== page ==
Editor’s note: Attorneys at Goede, Adamczyk, DeBoest & Cross respond to questions about Florida community association law. The firm represents community associations throughout Florida and focuses on condominium and homeowner association law, real estate law, civil litigation, estate planning and commercial transactions.
Q: I own two condo units as investment properties. The association recently made a bunch of new rules including that nobody is allowed to move in or out of the building for at least the next two months due to the coronavirus. They also closed the gym and pool until further notice and passed rules that prohibited delivery people and others from entering the building. One of my units is currently vacant, and I will not be able to rent it out if my tenant will not be allowed to move in. The tenant in my other unit is complaining that he doesn’t have access to the pool and gym. Can the association just make all these new rules because of the coronavirus?
A: Generally, regardless of the current coronavirus pandemic, the board of directors has the power to promulgate reasonable rules and regulations in connection with the condominium property if the association’s governing documents grant the board such power.
Your first step would be to look at the governing documents of your association. Although the vast majority of governing documents grant the board this rulemaking authority, some governing documents grant broad rule making authority to the board, while others may only grant authority to enact rules in certain areas, such as rules related to the use of the common areas. Also, some governing documents require an affirmative vote from the members to pass new rules. You may want to have a licensed Florida attorney analyze your association’s documents for you in order to be sure that the board is operating within its authority.
Assuming that your association’s documents dictate that the board has rulemaking authority, the next step will be to determine whether the rules that you specifically mentioned in your question are reasonable and do not contradict any other provision of the governing documents. Again, this will be specific to your governing documents, so understand that even if the governing documents broad rulemaking authority to the board, that does not mean they have carte blanche to make any rule they want.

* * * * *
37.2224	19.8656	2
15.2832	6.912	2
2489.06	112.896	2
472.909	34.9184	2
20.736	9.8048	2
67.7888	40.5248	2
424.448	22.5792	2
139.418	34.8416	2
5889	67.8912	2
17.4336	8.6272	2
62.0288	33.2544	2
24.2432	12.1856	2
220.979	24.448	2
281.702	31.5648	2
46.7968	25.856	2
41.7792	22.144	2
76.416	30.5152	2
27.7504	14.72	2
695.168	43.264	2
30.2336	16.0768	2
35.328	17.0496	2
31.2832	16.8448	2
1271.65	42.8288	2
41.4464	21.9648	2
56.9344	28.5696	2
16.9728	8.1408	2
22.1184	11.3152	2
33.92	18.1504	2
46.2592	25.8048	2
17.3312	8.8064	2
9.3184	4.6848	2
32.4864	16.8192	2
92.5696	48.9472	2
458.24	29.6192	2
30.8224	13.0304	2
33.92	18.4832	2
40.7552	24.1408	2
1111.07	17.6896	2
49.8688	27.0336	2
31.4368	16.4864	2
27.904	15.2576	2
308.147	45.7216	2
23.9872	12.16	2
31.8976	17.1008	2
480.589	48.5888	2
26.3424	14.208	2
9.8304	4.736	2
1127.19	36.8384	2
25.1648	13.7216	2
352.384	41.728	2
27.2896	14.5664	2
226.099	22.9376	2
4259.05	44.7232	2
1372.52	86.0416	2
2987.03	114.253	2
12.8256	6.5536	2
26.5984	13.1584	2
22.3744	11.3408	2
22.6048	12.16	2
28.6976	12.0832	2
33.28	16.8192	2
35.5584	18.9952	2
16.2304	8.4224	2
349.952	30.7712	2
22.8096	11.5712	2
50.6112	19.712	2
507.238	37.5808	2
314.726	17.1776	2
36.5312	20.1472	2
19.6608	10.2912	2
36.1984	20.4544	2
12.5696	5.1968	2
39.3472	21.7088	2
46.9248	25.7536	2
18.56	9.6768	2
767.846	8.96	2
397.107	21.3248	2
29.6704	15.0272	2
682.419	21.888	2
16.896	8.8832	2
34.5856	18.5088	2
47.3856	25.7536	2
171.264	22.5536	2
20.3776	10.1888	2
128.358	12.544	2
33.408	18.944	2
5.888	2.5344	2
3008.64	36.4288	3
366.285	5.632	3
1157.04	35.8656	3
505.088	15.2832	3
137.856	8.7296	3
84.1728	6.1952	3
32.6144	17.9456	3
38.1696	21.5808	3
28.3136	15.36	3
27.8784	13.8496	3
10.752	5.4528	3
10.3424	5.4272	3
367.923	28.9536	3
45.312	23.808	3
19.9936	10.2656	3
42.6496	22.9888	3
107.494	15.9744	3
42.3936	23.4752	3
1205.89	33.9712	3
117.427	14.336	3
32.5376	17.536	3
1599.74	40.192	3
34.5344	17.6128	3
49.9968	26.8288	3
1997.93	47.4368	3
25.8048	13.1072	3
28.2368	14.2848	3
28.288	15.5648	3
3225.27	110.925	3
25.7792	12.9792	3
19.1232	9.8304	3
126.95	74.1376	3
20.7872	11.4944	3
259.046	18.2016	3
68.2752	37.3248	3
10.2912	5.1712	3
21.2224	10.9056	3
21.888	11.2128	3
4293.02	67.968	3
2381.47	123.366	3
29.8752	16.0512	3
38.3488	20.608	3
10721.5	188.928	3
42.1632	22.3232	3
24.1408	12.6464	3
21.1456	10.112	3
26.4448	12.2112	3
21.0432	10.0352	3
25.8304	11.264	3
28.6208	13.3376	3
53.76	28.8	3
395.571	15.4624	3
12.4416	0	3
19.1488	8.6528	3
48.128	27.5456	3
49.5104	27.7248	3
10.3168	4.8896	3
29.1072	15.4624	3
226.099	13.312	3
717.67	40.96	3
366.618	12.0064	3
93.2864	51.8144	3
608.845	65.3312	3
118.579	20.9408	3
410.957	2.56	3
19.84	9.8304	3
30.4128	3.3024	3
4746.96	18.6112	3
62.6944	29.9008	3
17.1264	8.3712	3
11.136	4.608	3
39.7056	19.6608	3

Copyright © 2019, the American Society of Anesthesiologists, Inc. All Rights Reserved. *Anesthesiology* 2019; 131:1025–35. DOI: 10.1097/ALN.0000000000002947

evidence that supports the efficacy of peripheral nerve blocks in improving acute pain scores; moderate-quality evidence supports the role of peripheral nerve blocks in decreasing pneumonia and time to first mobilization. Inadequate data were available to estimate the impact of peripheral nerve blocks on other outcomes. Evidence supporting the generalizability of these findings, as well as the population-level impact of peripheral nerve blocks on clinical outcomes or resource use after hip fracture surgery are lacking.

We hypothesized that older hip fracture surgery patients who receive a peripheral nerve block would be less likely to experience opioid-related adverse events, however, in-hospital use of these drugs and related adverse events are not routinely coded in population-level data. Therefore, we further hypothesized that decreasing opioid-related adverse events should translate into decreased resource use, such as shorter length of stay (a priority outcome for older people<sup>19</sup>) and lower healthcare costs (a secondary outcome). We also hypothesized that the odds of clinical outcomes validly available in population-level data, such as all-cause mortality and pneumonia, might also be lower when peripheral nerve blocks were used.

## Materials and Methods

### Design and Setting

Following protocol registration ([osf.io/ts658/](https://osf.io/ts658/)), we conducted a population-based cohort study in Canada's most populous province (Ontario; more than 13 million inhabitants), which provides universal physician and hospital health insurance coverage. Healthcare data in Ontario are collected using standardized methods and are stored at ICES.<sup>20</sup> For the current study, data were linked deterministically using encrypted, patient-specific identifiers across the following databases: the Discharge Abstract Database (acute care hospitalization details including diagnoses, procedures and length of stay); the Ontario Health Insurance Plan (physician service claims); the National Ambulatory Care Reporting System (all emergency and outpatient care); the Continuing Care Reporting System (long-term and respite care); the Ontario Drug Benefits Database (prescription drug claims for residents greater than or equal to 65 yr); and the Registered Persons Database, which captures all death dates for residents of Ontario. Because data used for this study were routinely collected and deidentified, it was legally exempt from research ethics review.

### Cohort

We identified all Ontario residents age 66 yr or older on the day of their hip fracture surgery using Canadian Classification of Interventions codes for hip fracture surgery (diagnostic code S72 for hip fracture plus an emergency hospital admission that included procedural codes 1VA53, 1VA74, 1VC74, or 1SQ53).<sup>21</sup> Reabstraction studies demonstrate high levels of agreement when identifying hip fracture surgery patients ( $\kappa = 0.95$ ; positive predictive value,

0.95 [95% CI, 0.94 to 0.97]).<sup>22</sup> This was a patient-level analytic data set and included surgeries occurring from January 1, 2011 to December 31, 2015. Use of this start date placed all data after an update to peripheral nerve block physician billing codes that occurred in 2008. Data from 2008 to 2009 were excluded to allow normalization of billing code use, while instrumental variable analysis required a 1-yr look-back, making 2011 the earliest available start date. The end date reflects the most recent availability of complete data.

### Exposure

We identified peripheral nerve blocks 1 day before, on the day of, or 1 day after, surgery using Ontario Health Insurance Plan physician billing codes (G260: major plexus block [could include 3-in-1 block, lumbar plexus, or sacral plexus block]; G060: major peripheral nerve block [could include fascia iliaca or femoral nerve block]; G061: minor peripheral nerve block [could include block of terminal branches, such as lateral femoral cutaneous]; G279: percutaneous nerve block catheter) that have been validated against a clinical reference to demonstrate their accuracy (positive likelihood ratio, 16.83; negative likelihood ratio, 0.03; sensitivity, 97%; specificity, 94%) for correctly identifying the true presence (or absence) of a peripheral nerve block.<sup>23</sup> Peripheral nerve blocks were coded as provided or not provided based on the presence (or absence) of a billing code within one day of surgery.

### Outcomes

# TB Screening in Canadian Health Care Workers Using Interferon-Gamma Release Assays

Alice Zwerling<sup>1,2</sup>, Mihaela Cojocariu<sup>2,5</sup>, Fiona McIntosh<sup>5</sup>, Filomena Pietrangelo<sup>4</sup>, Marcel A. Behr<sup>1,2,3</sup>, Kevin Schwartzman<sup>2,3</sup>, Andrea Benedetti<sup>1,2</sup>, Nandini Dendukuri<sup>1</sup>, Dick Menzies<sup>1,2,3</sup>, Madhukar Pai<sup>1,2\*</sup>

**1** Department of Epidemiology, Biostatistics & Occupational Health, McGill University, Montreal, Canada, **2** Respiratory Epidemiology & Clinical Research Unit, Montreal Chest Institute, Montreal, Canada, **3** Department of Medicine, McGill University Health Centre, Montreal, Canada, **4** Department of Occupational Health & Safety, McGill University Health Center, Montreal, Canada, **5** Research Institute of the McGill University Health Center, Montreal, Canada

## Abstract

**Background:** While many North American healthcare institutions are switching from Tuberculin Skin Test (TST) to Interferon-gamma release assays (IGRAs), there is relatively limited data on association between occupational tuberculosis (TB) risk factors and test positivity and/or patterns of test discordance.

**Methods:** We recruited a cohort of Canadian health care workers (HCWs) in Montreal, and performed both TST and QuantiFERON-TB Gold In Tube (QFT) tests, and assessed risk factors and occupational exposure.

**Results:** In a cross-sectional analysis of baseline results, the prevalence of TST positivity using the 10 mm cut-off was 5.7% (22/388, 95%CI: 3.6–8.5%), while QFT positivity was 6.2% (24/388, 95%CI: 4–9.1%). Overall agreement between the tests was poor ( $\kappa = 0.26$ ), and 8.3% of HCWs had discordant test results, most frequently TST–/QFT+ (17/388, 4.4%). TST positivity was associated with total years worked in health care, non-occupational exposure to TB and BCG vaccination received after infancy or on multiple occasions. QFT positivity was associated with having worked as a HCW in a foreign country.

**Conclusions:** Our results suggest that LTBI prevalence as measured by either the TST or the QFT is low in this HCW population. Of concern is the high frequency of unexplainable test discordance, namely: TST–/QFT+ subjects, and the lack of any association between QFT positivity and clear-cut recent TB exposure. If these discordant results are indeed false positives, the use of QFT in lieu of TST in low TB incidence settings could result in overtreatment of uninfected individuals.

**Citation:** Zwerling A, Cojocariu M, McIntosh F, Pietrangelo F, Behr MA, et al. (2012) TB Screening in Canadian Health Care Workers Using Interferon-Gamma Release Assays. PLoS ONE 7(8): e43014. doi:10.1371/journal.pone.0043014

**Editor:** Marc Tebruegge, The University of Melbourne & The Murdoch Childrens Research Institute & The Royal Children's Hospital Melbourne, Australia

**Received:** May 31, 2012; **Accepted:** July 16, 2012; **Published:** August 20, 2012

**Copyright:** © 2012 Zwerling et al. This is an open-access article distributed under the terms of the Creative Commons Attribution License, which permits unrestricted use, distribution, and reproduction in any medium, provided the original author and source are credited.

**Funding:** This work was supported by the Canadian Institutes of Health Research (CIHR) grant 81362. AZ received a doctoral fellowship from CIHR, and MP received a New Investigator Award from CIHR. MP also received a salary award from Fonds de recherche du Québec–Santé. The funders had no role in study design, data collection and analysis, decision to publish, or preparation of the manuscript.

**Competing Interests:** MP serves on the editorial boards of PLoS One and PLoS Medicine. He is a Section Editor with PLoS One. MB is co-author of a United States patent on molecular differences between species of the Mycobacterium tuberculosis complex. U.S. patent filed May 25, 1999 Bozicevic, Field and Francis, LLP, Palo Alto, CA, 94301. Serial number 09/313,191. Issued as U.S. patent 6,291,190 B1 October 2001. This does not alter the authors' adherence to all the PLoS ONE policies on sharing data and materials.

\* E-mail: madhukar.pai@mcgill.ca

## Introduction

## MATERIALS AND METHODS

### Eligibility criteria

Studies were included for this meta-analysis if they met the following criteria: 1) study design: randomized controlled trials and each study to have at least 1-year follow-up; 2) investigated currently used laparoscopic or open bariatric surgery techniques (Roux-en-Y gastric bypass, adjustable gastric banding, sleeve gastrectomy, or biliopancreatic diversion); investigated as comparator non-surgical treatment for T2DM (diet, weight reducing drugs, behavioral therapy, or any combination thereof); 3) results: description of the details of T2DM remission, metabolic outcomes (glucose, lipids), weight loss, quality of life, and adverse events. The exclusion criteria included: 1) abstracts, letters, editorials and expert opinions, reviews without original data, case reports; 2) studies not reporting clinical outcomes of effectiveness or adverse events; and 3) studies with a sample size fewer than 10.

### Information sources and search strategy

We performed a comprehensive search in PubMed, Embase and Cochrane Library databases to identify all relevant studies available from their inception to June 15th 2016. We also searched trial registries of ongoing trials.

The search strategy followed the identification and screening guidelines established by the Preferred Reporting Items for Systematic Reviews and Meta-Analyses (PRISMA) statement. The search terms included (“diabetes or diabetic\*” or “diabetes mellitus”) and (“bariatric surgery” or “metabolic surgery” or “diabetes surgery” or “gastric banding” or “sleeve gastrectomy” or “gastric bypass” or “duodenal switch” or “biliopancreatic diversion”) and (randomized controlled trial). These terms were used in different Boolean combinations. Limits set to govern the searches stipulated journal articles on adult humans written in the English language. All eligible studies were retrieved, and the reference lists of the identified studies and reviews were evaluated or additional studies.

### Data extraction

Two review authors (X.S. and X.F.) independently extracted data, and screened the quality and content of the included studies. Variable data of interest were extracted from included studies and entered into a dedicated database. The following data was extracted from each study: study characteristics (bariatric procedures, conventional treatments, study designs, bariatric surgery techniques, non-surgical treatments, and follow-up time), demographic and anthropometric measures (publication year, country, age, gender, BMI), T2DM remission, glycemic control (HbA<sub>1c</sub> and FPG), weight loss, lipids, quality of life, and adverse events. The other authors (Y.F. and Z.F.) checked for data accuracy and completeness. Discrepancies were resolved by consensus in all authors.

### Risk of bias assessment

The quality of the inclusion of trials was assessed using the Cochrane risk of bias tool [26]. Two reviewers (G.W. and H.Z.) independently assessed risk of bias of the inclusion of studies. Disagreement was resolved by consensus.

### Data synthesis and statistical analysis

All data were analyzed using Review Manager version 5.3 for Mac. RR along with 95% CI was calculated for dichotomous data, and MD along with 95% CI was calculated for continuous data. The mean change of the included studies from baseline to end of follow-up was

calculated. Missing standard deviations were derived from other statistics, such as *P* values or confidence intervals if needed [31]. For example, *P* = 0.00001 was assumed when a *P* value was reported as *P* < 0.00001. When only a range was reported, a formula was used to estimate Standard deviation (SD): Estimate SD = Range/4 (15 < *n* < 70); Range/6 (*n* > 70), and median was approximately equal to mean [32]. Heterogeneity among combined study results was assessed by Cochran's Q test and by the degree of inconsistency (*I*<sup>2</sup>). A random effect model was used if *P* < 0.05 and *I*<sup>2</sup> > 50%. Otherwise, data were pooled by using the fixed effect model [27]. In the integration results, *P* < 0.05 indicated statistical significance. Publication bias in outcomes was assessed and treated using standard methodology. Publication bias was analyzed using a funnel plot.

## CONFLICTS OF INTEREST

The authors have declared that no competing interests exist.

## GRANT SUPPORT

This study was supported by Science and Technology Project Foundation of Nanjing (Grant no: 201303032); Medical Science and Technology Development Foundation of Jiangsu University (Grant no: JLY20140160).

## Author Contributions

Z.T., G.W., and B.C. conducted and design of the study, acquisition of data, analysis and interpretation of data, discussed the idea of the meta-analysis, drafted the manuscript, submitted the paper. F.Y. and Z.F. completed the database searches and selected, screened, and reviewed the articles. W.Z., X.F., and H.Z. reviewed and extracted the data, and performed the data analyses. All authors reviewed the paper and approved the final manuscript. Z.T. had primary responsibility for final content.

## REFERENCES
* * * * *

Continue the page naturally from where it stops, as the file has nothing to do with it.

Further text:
That all being said, now that our Governor has declared a state of emergency throughout the State of Florida, Section 718.1265, Florida Statutes can be exercised by the board. This statute governs a condominium association’s emergency powers during an event for which a state of emergency is declared. Among other emergency powers authorized under the statute, subsection (1)(g) states, “Based upon advice of emergency management officials or upon the advice of licensed professionals retained by the board, determine any portion of the condominium property unavailable for entry or occupancy by unit owners, family members, tenants, guests, agents, or invitees to protect the health, safety, or welfare of such persons.”
Therefore, under normal circumstances, the board’s rules relating to prohibiting moving in and out, closing the pool and gym, and limiting access to the building by non-residents may be susceptible to a challenge as to their reasonableness; however, given the current coronavirus pandemic, the board is likely within their authority to pass the rules under the emergency powers statute, since these rules are all designed to protect the health, safety, and welfare of the community by limiting access to certain areas of the property. Please note that Section 718.1265(2) provides that the emergency powers “shall be limited to that time reasonably necessary to protect the health, safety, and welfare of the association and the unit owners and the unit owners’ family members, tenants, guests, agents, or invitees and shall be reasonably necessary to mitigate further damage and make emergency repairs.” Accordingly, once the time has come that these rules are no longer reasonably necessary, the board will have to once again allow full access to the condominium property.
Avi S. Tryson, Esq., is Partner of the Law Firm Goede, Adamczyk, DeBoest & Cross. Visit www.gadclaw.com or to ask questions about your issues for future columns, send your inquiry to: email@example.com. The information provided herein is for informational purposes only and should not be construed as legal advice. The publication of this article does not create an attorney-client relationship between the reader and Goede, Adamczyk, DeBoest & Cross, or any of our attorneys. Readers should not act or refrain from acting based upon the information contained in this article without first contacting an attorney, if you have questions about any of the issues raised herein. The hiring of an attorney is a decision that should not be based solely on advertisements or this column.